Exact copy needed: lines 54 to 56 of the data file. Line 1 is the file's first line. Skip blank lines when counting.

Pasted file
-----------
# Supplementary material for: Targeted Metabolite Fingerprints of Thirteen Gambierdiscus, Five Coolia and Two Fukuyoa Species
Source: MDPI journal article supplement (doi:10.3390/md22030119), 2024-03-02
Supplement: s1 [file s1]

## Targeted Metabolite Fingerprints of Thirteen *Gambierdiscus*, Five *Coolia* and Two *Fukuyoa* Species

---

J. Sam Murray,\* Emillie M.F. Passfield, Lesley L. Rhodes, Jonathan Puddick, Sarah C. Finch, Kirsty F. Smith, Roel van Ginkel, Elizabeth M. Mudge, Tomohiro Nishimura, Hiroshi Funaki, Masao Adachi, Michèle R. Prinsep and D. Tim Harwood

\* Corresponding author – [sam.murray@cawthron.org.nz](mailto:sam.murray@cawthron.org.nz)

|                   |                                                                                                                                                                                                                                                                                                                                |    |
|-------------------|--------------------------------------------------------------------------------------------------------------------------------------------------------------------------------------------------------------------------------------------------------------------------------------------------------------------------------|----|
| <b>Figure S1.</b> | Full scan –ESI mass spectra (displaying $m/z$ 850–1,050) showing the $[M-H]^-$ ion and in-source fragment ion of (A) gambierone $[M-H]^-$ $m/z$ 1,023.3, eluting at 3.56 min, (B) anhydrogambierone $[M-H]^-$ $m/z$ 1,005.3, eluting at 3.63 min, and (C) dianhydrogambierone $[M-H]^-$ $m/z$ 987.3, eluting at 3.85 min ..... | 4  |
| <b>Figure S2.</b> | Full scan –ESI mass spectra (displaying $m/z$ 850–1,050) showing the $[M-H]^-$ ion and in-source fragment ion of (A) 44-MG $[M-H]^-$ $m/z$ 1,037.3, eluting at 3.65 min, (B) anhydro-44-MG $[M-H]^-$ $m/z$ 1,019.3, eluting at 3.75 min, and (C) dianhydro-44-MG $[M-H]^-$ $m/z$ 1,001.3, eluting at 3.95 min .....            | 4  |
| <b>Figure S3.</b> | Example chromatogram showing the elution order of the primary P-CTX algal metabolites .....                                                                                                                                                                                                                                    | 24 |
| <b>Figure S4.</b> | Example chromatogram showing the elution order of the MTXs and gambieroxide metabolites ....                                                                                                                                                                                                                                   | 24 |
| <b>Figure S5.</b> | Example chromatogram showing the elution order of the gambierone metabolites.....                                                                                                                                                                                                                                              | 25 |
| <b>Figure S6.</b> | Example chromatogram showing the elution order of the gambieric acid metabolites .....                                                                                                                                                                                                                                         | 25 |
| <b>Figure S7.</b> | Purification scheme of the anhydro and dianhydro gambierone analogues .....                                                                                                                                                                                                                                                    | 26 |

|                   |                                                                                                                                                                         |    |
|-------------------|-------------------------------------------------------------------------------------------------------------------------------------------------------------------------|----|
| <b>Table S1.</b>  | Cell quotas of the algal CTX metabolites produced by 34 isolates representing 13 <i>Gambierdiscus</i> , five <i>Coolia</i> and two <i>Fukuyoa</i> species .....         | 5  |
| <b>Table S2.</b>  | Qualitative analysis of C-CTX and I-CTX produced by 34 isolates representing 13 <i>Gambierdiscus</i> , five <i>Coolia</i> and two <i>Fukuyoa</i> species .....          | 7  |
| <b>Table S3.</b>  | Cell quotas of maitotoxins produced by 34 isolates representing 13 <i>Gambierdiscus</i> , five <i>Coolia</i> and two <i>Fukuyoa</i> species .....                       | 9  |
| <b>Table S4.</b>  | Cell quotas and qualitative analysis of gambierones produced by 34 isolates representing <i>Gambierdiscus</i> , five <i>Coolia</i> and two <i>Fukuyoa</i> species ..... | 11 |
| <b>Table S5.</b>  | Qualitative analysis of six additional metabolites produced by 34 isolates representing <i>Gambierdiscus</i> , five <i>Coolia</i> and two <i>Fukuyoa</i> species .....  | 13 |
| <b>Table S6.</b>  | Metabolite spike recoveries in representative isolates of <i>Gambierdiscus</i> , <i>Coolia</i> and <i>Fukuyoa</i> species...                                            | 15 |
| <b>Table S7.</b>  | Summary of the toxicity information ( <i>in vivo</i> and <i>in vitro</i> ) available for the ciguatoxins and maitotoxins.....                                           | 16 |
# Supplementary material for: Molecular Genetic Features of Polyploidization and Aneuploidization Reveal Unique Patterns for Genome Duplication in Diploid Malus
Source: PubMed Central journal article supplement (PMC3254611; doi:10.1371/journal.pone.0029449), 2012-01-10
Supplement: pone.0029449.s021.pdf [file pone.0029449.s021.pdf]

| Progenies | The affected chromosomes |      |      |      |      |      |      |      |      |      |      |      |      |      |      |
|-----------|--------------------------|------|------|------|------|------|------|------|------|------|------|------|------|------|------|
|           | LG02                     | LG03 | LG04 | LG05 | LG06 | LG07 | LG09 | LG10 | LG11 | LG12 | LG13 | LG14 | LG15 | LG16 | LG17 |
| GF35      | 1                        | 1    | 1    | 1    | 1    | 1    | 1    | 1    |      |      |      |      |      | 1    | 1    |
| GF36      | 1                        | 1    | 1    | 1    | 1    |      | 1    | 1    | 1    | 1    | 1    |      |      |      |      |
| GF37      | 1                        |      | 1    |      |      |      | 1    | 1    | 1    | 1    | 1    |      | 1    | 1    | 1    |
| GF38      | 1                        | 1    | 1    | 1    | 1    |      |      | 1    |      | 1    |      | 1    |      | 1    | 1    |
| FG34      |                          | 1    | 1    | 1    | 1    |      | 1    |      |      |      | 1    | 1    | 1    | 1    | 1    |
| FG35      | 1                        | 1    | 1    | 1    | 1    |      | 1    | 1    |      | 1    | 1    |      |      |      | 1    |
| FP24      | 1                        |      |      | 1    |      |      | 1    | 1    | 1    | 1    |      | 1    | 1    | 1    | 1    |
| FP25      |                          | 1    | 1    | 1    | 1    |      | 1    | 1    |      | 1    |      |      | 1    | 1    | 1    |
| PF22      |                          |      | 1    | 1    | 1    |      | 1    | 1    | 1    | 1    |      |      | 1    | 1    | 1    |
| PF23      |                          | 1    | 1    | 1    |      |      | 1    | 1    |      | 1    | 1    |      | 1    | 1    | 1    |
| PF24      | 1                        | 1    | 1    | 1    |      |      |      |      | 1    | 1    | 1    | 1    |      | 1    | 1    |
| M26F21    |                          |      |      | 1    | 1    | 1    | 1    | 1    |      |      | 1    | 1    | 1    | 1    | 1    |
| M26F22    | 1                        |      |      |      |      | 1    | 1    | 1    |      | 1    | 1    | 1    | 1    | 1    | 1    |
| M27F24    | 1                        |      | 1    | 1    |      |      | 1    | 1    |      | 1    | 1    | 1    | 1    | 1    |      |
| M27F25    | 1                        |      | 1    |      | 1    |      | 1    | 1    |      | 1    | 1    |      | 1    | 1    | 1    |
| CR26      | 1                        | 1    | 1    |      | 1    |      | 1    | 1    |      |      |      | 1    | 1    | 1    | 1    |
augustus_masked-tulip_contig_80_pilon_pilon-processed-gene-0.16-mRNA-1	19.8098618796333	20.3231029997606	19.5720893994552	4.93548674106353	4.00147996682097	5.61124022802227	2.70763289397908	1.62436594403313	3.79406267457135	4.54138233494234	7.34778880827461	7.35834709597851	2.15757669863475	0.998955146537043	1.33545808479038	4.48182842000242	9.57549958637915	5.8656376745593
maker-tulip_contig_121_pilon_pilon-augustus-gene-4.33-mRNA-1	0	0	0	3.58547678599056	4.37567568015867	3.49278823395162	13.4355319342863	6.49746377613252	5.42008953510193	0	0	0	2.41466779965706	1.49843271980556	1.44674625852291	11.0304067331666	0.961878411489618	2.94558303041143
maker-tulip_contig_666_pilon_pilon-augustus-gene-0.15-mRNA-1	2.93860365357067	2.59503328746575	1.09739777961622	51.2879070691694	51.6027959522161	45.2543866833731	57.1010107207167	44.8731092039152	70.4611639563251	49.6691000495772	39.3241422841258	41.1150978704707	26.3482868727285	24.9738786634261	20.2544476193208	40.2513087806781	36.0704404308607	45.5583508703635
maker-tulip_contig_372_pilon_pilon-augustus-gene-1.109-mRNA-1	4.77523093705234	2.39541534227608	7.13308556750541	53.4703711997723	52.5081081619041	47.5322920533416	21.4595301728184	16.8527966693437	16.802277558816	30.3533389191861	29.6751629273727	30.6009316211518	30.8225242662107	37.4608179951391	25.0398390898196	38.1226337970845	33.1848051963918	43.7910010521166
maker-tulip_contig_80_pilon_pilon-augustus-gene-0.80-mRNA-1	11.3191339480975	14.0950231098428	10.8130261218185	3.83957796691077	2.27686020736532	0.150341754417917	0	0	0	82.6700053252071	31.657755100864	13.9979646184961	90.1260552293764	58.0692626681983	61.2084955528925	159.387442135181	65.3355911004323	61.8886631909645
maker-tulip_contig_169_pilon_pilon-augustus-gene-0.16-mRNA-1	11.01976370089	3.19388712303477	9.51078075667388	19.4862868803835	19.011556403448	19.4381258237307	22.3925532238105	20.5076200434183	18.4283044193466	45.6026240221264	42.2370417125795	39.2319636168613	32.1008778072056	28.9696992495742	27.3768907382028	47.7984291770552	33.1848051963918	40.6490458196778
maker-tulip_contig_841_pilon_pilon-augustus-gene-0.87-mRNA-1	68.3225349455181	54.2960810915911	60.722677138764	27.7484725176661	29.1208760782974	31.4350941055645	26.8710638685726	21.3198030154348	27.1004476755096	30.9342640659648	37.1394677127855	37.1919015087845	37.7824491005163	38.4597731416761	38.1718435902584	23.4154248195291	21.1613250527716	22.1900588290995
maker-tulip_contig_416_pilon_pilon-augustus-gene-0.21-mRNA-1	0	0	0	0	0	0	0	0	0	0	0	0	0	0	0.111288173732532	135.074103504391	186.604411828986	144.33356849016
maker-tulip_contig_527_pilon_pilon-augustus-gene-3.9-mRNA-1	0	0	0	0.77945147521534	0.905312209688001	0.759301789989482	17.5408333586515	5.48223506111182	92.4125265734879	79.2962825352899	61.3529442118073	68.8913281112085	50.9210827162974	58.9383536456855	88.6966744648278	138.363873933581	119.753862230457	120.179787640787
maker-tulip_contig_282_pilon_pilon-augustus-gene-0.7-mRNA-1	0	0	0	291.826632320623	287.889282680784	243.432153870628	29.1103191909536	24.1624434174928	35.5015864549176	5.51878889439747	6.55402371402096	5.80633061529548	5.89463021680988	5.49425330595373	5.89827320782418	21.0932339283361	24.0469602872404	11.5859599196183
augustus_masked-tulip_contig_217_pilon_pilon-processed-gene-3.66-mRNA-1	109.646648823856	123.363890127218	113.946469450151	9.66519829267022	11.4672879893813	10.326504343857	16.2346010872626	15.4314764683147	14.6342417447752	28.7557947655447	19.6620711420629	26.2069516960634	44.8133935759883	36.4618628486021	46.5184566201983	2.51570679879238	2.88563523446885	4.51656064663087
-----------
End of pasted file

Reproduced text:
maker-tulip_contig_841_pilon_pilon-augustus-gene-0.87-mRNA-1	68.3225349455181	54.2960810915911	60.722677138764	27.7484725176661	29.1208760782974	31.4350941055645	26.8710638685726	21.3198030154348	27.1004476755096	30.9342640659648	37.1394677127855	37.1919015087845	37.7824491005163	38.4597731416761	38.1718435902584	23.4154248195291	21.1613250527716	22.1900588290995
maker-tulip_contig_416_pilon_pilon-augustus-gene-0.21-mRNA-1	0	0	0	0	0	0	0	0	0	0	0	0	0	0	0.111288173732532	135.074103504391	186.604411828986	144.33356849016
maker-tulip_contig_527_pilon_pilon-augustus-gene-3.9-mRNA-1	0	0	0	0.77945147521534	0.905312209688001	0.759301789989482	17.5408333586515	5.48223506111182	92.4125265734879	79.2962825352899	61.3529442118073	68.8913281112085	50.9210827162974	58.9383536456855	88.6966744648278	138.363873933581	119.753862230457	120.179787640787